Martha visits every Monday, and just stays until noon.
The previous sentence may not mean anything to you, but if you learned how to memorize the planets from closest to the sun out to the furthest (normally, anyway) the way I did, you know what I'm talking about.
Hint: Until recently, the period at the end of the sentence stood for "Pluto". I guess it still could, since it's not an actual word... but then we'd have to find a purpose for that comma (or get rid of it).
And, before you post a comment asking about "and", that's the asteroid belt.
The reason that I'm telling you all this is because I didn't want to use the name of that planet for the title of this post for the very reason of the subject of this post. That makes a sort of sense, but maybe not yet.
I took all of my classes up to the computer lab on Friday to play "Multiflyer", a game that helps with memorization of multiplication facts.
See, somewhere back in the past 30-some-odd years or so, it was decided that it was not necessary to memorize multiplication facts. It's still not the fashion to have students memorize them.
Which would be all well and good if it was not necessary to memorize multiplication facts. However, doing simple fraction operations without knowing your multiplication facts is like reading Shakespeare without a good grasp on the early-modern version of our language.
That is to say: Start, stop to look up something, start again, go back a bit to remember what was going on, pass the initial problem point, stop to look up some other something, start again, go back a bit to remember what was going on...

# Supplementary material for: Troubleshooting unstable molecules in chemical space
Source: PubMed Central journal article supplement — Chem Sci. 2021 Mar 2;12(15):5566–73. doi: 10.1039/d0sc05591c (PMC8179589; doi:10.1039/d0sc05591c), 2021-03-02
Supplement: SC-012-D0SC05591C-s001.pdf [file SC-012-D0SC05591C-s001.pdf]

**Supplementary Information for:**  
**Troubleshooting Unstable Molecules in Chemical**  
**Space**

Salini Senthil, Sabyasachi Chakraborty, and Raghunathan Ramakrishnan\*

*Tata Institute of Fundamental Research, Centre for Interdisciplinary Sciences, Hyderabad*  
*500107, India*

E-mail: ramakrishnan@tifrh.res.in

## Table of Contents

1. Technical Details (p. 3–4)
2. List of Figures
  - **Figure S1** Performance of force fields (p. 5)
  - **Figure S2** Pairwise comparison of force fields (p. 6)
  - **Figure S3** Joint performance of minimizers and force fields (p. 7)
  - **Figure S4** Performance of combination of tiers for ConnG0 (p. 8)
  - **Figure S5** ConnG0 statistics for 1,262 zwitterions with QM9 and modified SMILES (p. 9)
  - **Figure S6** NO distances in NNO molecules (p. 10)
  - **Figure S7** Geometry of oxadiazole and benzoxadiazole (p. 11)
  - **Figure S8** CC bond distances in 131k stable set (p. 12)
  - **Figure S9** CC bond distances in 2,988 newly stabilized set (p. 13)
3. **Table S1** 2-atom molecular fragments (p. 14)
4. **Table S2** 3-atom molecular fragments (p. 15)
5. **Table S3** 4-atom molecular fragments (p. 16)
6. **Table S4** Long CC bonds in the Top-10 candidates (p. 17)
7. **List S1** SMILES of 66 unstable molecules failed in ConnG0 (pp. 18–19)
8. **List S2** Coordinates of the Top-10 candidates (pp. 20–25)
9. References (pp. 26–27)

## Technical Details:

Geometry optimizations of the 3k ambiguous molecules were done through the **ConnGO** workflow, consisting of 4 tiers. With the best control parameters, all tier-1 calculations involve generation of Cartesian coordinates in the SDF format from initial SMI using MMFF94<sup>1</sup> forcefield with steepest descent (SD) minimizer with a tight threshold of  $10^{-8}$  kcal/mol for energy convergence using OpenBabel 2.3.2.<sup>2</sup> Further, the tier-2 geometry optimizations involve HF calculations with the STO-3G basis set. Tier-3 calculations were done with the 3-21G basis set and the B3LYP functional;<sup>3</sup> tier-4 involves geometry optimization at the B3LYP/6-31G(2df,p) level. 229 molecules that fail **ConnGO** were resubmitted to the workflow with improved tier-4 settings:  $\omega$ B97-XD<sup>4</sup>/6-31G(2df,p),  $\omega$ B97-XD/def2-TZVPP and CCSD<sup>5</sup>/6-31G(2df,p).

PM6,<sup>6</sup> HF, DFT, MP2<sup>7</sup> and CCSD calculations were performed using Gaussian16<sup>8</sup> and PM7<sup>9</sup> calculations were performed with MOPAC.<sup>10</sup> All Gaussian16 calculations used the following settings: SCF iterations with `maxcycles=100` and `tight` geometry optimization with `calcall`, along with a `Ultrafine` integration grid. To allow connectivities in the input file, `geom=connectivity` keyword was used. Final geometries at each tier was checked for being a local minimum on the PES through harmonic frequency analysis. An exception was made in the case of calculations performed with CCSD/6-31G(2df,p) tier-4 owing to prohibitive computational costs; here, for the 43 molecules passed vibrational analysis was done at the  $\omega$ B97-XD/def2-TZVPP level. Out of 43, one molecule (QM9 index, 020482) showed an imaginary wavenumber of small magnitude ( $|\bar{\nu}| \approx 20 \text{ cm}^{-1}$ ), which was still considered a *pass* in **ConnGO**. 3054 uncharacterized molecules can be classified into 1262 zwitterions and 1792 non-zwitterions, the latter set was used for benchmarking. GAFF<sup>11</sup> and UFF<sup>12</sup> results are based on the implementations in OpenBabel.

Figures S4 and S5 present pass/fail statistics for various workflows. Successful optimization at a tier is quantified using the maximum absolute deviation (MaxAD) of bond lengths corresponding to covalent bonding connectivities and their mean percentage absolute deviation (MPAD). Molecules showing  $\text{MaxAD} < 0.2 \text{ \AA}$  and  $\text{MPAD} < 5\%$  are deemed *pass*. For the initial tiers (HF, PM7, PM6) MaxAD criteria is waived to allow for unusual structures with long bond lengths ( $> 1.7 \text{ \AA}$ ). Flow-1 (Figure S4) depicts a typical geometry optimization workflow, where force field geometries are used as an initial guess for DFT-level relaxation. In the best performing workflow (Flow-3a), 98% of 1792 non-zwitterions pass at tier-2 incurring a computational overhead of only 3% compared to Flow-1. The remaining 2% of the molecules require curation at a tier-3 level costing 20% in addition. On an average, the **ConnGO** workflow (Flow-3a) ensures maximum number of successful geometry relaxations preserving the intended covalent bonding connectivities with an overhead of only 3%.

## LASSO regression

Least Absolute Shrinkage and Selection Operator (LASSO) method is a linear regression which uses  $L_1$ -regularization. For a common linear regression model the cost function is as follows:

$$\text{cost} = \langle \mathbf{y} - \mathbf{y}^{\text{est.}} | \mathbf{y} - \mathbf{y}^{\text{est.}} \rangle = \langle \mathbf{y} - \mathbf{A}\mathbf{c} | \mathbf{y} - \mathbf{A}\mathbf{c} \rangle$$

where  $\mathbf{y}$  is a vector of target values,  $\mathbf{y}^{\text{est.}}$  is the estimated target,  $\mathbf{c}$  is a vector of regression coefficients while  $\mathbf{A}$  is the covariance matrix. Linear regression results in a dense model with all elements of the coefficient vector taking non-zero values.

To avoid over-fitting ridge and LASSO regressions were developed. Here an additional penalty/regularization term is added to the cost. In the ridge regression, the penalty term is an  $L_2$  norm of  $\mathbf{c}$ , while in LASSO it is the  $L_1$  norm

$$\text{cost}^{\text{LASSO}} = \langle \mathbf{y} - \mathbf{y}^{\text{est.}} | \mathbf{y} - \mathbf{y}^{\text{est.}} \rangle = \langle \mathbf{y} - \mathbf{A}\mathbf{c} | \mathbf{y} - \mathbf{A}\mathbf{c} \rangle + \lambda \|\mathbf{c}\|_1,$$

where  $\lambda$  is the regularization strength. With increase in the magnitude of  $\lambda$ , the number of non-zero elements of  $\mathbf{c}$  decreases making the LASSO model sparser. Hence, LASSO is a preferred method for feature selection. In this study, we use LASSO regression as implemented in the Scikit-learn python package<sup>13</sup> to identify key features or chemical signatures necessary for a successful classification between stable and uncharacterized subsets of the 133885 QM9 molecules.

And so on.
Thankfully, a study (or a study of studies) came out earlier this year that said it actually IS important for kids to memorize these things for basically the reason I just stated (but they didn't use the analogy of reading Shakespeare). See, if you're using that sort of "short-term" memory space to actually work out what 6 times 7 is (or using that space to walk yourself through punching those four calculator buttons, I suppose... or look it up on a table, even), you don't have as much available space for actually processing the new math skill you're supposed to be learning.
Okay, vent over. This was supposed to be a funny post.
So there we are in the computer lab, playing Multiflyer. The "story" of the game is that you are flying a missing from Earth to the moon, to Mars, to an asteroid, to Jupiter... and so on (with a couple of space stations in there), but to make the trip, you have to get the right numbers entered before your energy runs out. For each short jump, you have to enter one or two more numbers than the jump before.
The kids seem to enjoy it, and I raised the stake by offering a reward for the high score each hour (the faster you answer, the better your score). So these kids were really into it, announcing when they were at each new location, so other kids would know how far ahead they were, etc.
So I'd hear, "I'm on Mars!" and "I'm on Jupiter!" and "I'm on the asteroid!" and "I'm on the first space station!"
And of course, they were also saying, "I'm on Uranus!"
Middle-school child I am at heart, I had to suppress and giggle every time. And it always got worse. I know some of them pieced it together pretty quickly, and would make near-innocent remarks about the planet--and I'm sure they thought they were sly, because they got away with it.
Not because I didn't want to tell them to stop, but because I was afraid I'd start laughing if I started talking.
So: Crotchety Old Man?
Or Goofy Old Middle-Schooler?